Ok, so Vermont’s famed 270+ mile Long Trail is not exactly a day hike. In fact, to complete the entire route — from Canada to Massachusetts – you would need at least a month. But if you’re like us, you are pressed for time and a simple day or weekend hike will suffice. The Long Trail traverses the entire length of Vermont from north to south. You can travel either direction on the trail. Whichever way you choose, it’s going to be tough. The Long Trail is infamous for its rocky, stair-step style paths that alternate between up and down all day long. Trekking poles are a good idea for this one. We recommend hiking one of the northern sections of the trail in the Green Mountains. We focused on the area of Mt. Mansfield (Vermont’s highest peak) and the Camel’s Hump, a bald rockface at the summit and an alpine zone.

When to hike it:
Avoid spring, particularly April, as this is the season for mudslides throughout Vermont. June through September will offer the most enjoyable weather, though, like the White Mountains, be prepared for anything. The Black Flies are particular severe in June. Bring plenty of bug repellant and tie a scarf or bandana around your neck to avoid bites. Long pants, though hot, are not a bad idea. Brimmed hats will deter the flies from biting your face. October is a beautiful time to hike, though it will be quite cold toward the summits and snow is possible.

Vermont Long Trail Camel's Hump hike

Be prepared to climb when your on the Vermont Long Trail!

Mt. Washington (New Hampshire)

At 6,288 ft., Mt. Washington is New England’s highest and most famous peak. We must admit, it’s pretty epic. But it’s not just it’s steep ascents and descents that give it the epic-factor. It’s that it boasts some of the worst weather ever recorded in the world (winds exceeding 200 mph!) and well over 100 people have lost their lives on this mountain over the past 150 years. This mountain doesn’t kid around and neither should you.

If you want to experience Mt. Washington in all it’s glory — challenging terrain as well as gorgeous views — we recommend completing an 11 mile loop that will take reasonably fit hikers the whole day. Begin your hike at the AMC Pinkham Notch Visitor’s Center just south of Gorham, NH and head up the Tuckerman Ravine Trail. You will hike for 2 miles before you reach the Hermit Lake Shelter, which provides beautiful views of Tuckerman’s Ravine and, if there’s not much cloud-cover, the Mt. Washington summit. Continue up the Tuckerman Ravine Trail to the summit, where there is a weather station, a visitor’s center, and a small museum. There’s also a food court and restrooms. Once you’re ready to begin your descent, head down the Crawford Path (also the Appalachian Trail) toward the Lakes of the Clouds Hut. You can rest at the Hut while enjoying the views of these alpine lakes. Then you will cut across to the Davis Path before beginning your longest descent down the Boott Spur Trail. Be sure you refill your water bottles and take plenty of snacks as this trail continues for nearly five miles along joint-punishing terrain. You will then re-connect with Tuckerman’s Ravine Trail briefly before you arrive back at the Pinkham Notch Visitor’s Center.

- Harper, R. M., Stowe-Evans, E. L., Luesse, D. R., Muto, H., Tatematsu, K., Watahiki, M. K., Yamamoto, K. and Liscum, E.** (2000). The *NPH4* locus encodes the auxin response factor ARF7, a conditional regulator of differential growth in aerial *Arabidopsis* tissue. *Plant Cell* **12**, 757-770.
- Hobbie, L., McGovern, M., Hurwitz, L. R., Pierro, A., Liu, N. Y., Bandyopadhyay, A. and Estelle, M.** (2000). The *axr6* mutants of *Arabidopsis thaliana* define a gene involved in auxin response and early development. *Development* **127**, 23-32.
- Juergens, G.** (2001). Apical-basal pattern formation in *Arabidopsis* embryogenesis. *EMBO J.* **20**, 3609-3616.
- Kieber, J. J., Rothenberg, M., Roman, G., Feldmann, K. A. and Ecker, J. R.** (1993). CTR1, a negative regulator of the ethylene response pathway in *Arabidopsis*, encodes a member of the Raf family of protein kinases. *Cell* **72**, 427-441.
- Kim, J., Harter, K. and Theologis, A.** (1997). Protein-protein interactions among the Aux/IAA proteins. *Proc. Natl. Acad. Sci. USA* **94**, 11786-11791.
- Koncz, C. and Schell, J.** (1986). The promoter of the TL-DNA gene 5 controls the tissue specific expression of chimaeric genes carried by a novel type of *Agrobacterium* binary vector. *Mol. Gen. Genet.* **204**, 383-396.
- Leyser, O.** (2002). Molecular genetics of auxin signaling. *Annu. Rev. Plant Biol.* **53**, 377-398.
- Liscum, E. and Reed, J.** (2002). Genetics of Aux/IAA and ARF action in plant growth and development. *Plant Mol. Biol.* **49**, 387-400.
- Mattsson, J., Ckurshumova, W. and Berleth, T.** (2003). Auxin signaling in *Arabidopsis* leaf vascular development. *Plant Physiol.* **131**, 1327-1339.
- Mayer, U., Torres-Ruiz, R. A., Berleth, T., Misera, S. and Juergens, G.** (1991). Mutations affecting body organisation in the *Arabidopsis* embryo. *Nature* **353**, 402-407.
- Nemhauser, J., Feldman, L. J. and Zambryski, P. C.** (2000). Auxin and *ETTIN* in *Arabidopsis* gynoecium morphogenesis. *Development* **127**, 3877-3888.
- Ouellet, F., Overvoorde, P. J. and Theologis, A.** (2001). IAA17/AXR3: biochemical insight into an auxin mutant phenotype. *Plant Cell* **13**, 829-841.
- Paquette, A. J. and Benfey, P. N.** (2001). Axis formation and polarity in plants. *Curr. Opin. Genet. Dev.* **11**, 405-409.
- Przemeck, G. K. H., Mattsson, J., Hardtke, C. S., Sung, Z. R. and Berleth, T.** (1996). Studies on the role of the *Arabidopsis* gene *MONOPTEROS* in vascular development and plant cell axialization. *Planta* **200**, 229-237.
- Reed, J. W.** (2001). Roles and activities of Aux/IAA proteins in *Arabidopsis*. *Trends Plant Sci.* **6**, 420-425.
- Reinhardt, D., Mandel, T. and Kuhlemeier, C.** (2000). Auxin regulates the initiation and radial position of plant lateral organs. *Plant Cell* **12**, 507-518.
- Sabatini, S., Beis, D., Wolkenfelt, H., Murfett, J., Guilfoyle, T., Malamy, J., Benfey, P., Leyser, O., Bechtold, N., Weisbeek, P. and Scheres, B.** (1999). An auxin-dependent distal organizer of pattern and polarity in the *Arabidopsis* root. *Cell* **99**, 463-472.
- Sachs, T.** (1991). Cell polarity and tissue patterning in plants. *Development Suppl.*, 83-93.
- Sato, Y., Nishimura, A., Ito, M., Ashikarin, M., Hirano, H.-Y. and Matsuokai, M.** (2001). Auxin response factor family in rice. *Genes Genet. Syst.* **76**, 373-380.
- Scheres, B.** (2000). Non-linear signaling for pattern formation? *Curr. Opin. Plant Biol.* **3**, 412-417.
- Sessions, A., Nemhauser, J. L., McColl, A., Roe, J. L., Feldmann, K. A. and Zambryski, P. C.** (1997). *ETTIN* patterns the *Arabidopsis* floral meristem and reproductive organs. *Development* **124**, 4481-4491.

When to hike it:
Mt. Washington’s weather is serious. Be prepared for any time of weather in all seasons. Snow or thunderstorms can come on quickly, and you are most at-risk above treeline. Do not attempt without warm clothing in your backpack and plenty of food in case you become stranded. If signs of inclement weather begin to appear, descend immediately. Do not attempt this hike in winter without proper mountaineering experience and equipment.

Mt. Katahdin (Maine)

Mt. Katahdin, Maine Cathedral Trail

Stunning views await you along the very steep Cathedral Trail toward the summit of Mt. Katahdin.

Mt. Katahdin, the northern terminus of the Appalachian Trail, is located in north-central Maine’s Baxter State Park. This area is quite remote, and even though you can complete the hike in one day, you will need to camp in the park for at least two evenings. The park itself stretches for nearly 210,000 acres of wilderness and includes 215 miles of hiking trails. Katahdin is the highest peak in Maine, and at 5,268 ft. is the park’s most popular attraction.  Katahdin’s allure is in large part due to its unique crescent shape, forming a wide basin in the center. Although the mountain resembles structures that have been created by volcanic eruption, Katahdin is not volcanic. Intead, its unique shape is the result of centuries of glacial movement.  

Chimney Pond at Mt. Katahdin

The Basin of Mt. Katahdin as viewed from Chimney Pond

For a one-day attempt of Katahdin’s summit, we recommend camping at the Roaring Brook Campground within Baxter State Park. You will want to reserve your spot several months in advance if possible. Begin your hike by following the Chimney Pond trail for several miles until you reach the Chimney Pond campground and ranger outpost. From here, follow signs for the Cathedral Trail. Although this trail is less than two miles to the summit, it is quite steep and will require some scrambling. Be prepared to use your hands. We recommend bringing gloves, particularly gloves with some level of grip if possible. Good hiking boots are also recommended. Once you reach the ridgeline, you are almost to the summit. Turn left and head briefly along the Knife Edge Trail until you reach the official summit. Continue in the same direction along the Knife Edge Trail until you reach the Helon Taylor Trail. Continue to descend until you arrive back at Roaring Brook Campground.

When to hike it:
The same guidelines apply to Mt. Katahdin as to Mt. Washington. Take great care and preparation when attempting to summit this mountain. Be prepared for sudden, drastic changes in weather. Be sure to bring dry, warm clothes to change into once back at camp.


What’s the most impressive day hike you’ve ever done? Share your recommendations below!